To describe burden transfer in a sample of veterinary workers employed by a Canadian veterinary corporation and to examine the association between different levels of burden transfer and employee burnout and perceived psychosocial work environment.
475 employees of small-animal veterinary hospitals owned by a corporate practice group.
Veterinary team members among 14 working groups responded to an online survey that included assessments of burden transfer, psychosocial environment, and burnout within the workplace. Participants were divided into groups on the basis of self-reported burden-transfer scores being low, mid, or high, and multivariate analysis of covariance was conducted to ascertain associations between level of burden transfer, psychosocial environment, and burnout.
On average, participants perceived difficult encounters with clients to occur with moderate frequency and reported reactions that were low-moderate in intensity. Individuals with high burden-transfer scores were identified in all working groups. Across the 3 burden-transfer groups, the key finding was that high-level burden transfer was associated with perception of greater emotional demands within the workplace, reduced support from supervisors, reduced feeling of social community in the workplace, and elevated rates of burnout among these participants.
Findings highlight elevated risks for a certain population of veterinary employees experiencing high levels of burden transfer and underscore the potential need for targeted interventions to support these individuals. Employees who currently react to challenging client interactions with moderate or low intensity may also benefit from these programs as a preventative measure.
To classify a sample of veterinary professionals into distinct organizational-commitment profiles and to identify associations between psychosocial aspects of the workplace and organizational-commitment profile membership.
487 veterinary employees who worked for a corporate veterinary organization in Canada.
Survey components measured for this study included the Three-Component Model (TCM) Employee Commitment Survey–Revised, the Copenhagen Psychosocial Questionnaire, and participant demographics. First, latent profile analysis was used to identify distinct organizational-commitment profiles based on 3 components of commitment (affective, continuance, and normative). Next, the Mann-Whitney U test was used to compare participants’ intention to leave their hospital on the basis of organizational-commitment profile. Finally, logistic regression was performed to assess the association between perceived psychosocial workplace characteristics and organizational-commitment profile membership.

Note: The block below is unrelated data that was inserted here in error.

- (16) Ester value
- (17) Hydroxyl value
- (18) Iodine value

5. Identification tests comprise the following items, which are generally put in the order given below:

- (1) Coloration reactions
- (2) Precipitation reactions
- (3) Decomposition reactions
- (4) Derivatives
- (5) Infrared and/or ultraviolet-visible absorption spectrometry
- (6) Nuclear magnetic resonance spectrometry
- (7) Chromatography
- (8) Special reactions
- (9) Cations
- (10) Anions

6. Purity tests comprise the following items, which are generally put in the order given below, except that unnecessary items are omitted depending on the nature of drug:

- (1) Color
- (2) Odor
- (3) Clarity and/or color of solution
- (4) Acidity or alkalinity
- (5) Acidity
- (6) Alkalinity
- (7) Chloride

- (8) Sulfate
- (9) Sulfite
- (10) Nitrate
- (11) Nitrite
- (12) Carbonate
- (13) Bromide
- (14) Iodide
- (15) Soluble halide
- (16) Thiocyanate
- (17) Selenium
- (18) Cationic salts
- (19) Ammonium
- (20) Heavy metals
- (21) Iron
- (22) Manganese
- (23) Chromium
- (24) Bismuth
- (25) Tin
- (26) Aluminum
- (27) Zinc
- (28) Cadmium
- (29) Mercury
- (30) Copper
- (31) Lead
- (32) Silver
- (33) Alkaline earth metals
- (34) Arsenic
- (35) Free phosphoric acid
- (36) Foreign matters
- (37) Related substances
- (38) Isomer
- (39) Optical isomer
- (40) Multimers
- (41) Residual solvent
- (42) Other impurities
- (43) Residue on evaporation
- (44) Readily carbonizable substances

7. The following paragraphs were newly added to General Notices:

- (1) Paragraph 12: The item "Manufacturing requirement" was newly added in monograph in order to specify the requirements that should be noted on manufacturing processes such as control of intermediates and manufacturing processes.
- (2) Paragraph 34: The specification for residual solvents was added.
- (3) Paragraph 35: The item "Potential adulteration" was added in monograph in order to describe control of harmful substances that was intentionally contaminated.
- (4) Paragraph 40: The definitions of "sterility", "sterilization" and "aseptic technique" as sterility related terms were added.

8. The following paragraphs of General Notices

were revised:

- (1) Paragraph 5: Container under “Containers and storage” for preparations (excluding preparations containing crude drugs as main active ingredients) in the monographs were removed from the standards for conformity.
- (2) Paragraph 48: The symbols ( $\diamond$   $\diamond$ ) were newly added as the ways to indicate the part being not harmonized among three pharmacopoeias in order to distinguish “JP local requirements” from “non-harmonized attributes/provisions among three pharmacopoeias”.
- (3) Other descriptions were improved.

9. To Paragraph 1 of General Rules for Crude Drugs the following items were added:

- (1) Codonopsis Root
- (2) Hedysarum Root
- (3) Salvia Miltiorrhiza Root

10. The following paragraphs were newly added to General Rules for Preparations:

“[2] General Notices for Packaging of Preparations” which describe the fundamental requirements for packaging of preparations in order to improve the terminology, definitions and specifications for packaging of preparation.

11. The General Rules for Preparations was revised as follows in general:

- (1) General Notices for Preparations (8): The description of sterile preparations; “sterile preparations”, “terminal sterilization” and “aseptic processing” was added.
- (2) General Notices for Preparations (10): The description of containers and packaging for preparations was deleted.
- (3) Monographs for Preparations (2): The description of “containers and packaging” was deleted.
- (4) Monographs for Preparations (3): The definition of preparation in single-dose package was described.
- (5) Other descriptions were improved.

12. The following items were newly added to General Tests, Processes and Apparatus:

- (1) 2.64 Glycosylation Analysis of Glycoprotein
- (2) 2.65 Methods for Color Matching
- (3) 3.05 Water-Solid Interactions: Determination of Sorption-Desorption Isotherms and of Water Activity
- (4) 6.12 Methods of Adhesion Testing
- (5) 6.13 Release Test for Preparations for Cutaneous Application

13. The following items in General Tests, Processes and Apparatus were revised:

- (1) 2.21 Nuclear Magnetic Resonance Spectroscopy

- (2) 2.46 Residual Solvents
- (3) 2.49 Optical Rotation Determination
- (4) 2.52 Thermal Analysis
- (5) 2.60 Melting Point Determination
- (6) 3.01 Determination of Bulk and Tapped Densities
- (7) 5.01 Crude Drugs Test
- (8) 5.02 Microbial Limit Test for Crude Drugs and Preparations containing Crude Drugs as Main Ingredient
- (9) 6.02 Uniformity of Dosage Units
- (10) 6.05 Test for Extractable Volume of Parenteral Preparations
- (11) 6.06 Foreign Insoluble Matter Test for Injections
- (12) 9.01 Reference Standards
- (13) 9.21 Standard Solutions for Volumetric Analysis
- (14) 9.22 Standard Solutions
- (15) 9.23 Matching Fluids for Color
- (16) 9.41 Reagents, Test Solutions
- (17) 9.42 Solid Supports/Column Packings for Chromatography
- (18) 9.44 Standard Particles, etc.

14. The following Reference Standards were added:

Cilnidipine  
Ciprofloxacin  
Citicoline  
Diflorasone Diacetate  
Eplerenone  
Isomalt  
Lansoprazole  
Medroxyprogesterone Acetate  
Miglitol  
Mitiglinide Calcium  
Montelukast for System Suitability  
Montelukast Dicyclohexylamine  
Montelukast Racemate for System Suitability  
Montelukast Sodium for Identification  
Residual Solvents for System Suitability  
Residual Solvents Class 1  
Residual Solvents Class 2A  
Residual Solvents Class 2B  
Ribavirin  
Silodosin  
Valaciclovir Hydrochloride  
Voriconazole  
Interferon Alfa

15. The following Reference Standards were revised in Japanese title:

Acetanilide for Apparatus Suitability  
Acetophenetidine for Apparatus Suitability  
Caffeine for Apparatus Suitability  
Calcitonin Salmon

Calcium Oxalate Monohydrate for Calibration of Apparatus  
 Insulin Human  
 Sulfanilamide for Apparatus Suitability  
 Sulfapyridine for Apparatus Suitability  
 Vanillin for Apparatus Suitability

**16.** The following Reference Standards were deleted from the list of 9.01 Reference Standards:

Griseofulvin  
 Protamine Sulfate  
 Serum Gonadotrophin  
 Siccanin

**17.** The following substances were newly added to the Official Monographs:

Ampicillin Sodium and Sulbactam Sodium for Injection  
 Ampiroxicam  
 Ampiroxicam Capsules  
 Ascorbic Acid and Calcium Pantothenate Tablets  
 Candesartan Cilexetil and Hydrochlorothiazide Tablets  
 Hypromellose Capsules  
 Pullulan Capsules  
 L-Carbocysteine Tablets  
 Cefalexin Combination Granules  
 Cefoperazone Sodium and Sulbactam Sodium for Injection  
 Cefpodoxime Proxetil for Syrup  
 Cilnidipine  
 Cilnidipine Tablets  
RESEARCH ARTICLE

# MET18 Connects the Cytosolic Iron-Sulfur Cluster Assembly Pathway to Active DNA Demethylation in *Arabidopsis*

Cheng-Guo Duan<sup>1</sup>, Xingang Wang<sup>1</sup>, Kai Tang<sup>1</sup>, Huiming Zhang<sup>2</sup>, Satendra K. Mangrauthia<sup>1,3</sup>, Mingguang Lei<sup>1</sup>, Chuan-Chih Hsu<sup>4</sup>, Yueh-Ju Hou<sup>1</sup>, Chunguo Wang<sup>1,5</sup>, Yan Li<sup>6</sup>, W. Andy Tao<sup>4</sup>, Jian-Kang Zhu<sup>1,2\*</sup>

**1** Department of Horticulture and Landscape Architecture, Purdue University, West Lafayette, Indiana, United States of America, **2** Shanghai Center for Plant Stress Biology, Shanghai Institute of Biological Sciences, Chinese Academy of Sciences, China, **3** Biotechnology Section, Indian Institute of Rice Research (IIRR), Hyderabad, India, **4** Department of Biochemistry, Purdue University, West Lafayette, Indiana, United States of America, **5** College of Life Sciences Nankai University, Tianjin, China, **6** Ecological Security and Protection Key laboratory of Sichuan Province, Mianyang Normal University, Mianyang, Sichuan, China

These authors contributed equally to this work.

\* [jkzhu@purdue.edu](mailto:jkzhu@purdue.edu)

2 organizational-commitment profiles were identified: Affective/Normative (AC/NC) Dominant (n = 388) and Mid-Low Commitment (99). Participants in the Mid-Low Commitment Profile had a significantly higher intention-to-leave score (median, 3.0) than participants in the AC/NC Dominant Profile (median, 2.0; P < .001). Psychosocial factors found to predict membership in the AC/NC Dominant Profile included the following: influence at work (OR, 2.08; P < .001), meaning of work (OR, 1.38; P = .067), rewards/recognition (OR, 1.63; P = .007), and quality of leadership (OR, 1.85; P = .0003). Members of the AC/NC Dominant Profile also experienced greater work-life conflict (OR, 1.65; P = .003) compared to the Mid-Low Commitment Profile.
Findings identified potential psychosocial aspects of the workplace that can be considered to support more desirable organizational-commitment profiles that are likely to lead to favorable outcomes for veterinary practices and their employees.